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You Might Have The Data, But Is Your C-Suite Missing Out On Profitable Insights?

by Matt Matsui, Senior Vice President, Products, Markets and Organizational Strategy, Calabrio - June 1, 2016

You Might Have the Data, But is Your C-Suite Missing Out on Profitable Insights?
By Matt Matsui, senior vice president, products, markets and organizational strategy at Calabrio  
Most executives know that collecting data is central to making operations efficient – and the importance of data scientists proves that point. However, the typical data collection systems don’t allow companies to extract the full value from data because many companies are analyzing that data in silos. In order to truly garner the best insights, companies must stop thinking that collecting and storing data is enough, and start thinking about connecting and analyzing that data across all parts of the organization. Whether structured or unstructured, the purpose of data is to extract insights into the customer and support more accurate decision-making. While it is incredibly important to analyze customer data both quickly and easily, this analysis must go one step further. Traditionally, organizations have let the contact center operate in a silo, but now companies must truly connect all data - including data from the contact center - with the rest of the organization for a truly integrated view of the customer.
The Data Landscape 
LinkedIn study found the number of data scientists has doubled over the past four years. Headcount has increased because many managers believe they need scientists to conduct the analysis that allows them to look beyond investment risks and base decisions on real insights from inside of the organization. While these insights are critical, if the right technology is in place, organizations won’t need to hire a team of scientists to conduct data analysis. There is a whole new generation of solutions that make it this analysis easy. For most organizations, the right technology can achieve same results as hiring a team of scientists. Across all departments, this type of technology is taking the guesswork out of decision-making – and it’s changing the contact center.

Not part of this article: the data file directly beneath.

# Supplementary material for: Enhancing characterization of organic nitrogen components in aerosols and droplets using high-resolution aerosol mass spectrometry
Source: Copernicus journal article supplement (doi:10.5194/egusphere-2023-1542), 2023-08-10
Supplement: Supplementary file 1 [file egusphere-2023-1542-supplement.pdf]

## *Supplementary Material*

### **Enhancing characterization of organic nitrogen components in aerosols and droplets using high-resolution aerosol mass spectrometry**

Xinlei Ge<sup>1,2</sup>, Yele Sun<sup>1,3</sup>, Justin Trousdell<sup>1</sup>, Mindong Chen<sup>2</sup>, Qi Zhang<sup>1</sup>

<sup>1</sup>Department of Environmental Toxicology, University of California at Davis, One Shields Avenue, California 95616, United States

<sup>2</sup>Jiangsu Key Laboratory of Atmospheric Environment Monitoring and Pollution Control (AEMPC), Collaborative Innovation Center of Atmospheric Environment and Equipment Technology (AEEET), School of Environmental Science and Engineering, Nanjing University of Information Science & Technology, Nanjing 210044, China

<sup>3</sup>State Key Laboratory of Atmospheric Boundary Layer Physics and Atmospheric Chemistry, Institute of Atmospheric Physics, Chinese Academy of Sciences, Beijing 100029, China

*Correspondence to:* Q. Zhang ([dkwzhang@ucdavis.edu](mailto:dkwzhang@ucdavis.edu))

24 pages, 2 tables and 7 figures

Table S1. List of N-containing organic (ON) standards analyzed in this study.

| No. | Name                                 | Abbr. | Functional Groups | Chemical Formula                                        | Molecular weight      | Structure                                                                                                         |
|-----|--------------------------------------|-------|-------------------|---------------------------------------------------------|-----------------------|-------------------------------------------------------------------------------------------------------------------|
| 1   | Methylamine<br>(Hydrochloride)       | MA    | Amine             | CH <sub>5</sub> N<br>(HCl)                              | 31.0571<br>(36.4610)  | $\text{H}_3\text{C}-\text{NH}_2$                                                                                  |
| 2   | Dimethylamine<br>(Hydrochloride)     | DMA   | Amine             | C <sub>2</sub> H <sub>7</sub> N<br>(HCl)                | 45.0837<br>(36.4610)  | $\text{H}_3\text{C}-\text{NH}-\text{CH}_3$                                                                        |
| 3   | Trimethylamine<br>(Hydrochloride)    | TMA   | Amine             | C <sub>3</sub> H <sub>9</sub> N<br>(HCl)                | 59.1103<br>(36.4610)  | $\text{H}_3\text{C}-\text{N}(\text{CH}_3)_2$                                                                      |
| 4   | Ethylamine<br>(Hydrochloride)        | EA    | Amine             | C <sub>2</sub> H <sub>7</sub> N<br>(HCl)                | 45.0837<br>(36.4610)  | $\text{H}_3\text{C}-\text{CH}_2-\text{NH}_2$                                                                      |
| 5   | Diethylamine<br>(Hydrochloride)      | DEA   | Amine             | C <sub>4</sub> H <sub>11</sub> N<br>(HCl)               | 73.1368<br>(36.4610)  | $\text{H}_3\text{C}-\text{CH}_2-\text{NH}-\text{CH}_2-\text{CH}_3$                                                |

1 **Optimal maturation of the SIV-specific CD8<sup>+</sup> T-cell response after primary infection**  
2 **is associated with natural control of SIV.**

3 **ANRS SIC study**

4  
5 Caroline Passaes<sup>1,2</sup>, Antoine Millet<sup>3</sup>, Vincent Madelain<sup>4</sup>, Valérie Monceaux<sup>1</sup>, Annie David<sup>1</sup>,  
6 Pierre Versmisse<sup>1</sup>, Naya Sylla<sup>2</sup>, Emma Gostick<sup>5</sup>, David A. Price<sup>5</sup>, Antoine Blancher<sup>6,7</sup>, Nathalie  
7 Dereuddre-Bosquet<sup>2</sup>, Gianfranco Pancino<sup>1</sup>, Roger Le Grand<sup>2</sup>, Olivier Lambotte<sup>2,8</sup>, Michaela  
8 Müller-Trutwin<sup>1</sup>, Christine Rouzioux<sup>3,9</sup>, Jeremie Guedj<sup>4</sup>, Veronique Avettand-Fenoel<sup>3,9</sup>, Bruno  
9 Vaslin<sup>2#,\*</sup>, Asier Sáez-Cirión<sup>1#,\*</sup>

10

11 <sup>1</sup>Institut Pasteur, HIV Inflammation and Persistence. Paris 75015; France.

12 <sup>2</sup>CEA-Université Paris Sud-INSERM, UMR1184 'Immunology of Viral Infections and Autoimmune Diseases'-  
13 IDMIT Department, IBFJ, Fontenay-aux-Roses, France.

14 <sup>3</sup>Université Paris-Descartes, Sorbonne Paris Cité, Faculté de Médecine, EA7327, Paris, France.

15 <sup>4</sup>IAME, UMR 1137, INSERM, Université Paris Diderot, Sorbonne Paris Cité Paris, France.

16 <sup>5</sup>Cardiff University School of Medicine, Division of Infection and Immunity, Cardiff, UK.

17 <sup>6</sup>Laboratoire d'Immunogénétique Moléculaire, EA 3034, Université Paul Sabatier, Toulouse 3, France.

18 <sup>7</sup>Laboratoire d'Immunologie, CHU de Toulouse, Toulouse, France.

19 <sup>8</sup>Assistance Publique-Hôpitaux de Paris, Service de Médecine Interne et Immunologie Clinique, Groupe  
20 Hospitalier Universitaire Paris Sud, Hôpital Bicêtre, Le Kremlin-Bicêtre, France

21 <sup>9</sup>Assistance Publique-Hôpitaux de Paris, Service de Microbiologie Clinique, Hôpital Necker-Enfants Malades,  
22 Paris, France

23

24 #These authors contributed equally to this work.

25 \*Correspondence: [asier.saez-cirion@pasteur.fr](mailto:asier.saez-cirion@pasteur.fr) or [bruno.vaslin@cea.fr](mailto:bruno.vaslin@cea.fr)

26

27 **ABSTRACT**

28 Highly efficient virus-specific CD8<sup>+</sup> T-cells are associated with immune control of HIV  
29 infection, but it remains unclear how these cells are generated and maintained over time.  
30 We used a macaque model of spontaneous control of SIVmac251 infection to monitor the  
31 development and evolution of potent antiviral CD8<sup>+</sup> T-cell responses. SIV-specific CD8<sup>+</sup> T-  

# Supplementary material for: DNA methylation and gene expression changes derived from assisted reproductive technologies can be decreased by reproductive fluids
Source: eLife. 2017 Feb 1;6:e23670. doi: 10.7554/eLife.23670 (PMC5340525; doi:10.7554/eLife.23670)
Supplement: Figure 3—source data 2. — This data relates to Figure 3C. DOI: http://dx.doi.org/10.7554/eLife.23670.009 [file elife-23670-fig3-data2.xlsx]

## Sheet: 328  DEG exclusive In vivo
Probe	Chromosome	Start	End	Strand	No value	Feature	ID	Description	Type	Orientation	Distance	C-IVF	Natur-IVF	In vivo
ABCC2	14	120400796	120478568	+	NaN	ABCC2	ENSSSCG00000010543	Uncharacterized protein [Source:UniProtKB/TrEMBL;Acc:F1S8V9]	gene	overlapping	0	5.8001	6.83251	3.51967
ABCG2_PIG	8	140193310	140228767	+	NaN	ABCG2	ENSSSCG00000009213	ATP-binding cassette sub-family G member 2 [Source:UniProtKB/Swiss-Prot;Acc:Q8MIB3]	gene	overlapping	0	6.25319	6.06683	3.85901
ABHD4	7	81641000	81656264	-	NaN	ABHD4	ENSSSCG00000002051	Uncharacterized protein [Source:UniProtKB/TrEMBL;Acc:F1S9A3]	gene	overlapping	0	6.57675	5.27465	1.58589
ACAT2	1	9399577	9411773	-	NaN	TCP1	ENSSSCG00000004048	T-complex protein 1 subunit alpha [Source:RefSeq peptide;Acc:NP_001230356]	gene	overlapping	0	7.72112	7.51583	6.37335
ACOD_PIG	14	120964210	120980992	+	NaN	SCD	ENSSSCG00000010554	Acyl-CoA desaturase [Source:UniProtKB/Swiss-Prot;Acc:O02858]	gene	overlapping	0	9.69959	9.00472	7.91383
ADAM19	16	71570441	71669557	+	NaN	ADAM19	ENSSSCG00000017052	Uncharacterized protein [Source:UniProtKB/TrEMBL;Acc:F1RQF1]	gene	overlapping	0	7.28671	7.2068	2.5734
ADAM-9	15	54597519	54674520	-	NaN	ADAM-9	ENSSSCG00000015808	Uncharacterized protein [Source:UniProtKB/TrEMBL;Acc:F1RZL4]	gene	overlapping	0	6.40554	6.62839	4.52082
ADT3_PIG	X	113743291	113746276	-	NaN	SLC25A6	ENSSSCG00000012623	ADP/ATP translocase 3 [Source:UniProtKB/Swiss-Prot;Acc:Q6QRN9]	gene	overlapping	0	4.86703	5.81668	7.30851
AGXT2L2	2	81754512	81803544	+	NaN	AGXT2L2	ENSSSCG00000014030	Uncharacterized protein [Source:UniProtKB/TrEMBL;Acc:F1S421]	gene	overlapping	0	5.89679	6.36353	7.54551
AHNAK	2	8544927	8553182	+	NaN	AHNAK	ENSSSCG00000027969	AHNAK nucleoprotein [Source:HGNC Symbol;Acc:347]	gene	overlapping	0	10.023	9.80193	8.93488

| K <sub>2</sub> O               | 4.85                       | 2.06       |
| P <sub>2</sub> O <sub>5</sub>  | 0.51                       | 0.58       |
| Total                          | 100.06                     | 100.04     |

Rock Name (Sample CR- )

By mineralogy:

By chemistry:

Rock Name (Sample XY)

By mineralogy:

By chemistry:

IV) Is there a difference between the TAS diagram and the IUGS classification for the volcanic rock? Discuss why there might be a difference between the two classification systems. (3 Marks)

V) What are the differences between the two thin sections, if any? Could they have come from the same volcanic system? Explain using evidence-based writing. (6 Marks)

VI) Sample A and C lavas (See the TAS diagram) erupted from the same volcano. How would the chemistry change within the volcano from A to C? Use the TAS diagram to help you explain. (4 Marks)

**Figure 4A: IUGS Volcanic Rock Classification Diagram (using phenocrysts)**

The contact center is robust with data that can be turned into insights about the post-sale behavior of customers. It’s the foundation for preventing churn, identifying upsell opportunities and, ultimately, is hugely important to creating the most comprehensive view of the customer.
The Story of Data    
Whether a company is trying to understand a consumer’s decision to purchase one salad dressing over another or how many new customer service representatives to hire, data, at its roots, is really about people. Ultimately, data analysis strives to understand the human condition and what drives peoples’ behavior. One of the best ways to understand consumer behavior in the contact center is to analyze customer interactions with speech and text analytics. Measuring the sentiment and emotion in the voice of the customer is a company’s most important step toward putting the customer at the center of corporate strategy.
Sure, every company says they are customer-centric, but that involves an integrated approach that leverages that contact center data across the organization.
Get Wise with Data
Companies should utilize data mart capabilities to combine analytics from the contact center, workforce management, CRM systems, website, social media, surveys and product engagement tools. This will allow a management team to finally be truly customer-centric and answer some of today’s most complicated questions:
  • “Can a company cite trends from its customer interaction data?”
  • “How do I understand what is frustrating my customers?”
  • “What types of conversations in the contact center lead to higher revenue?”
  • “What can we update, feature or iterate on in order to optimize market opportunity?”
Data analysis is the most accurate way to invest in and reap the benefits of analyzing the customer experience. Companies with the right software can glean insights that not only reduce operational costs, but also inform decisions—heard first from the customer—that alter product development and deployment, reaching wider markets and yielding more revenue from existing customers. 
The best news yet is that this practice is just beginning, and technology will continue to expand and grow to allow companies to garner even more insights from the contact center. Stay tuned to hear more about organizations that are changing the game, one contact center at a time.


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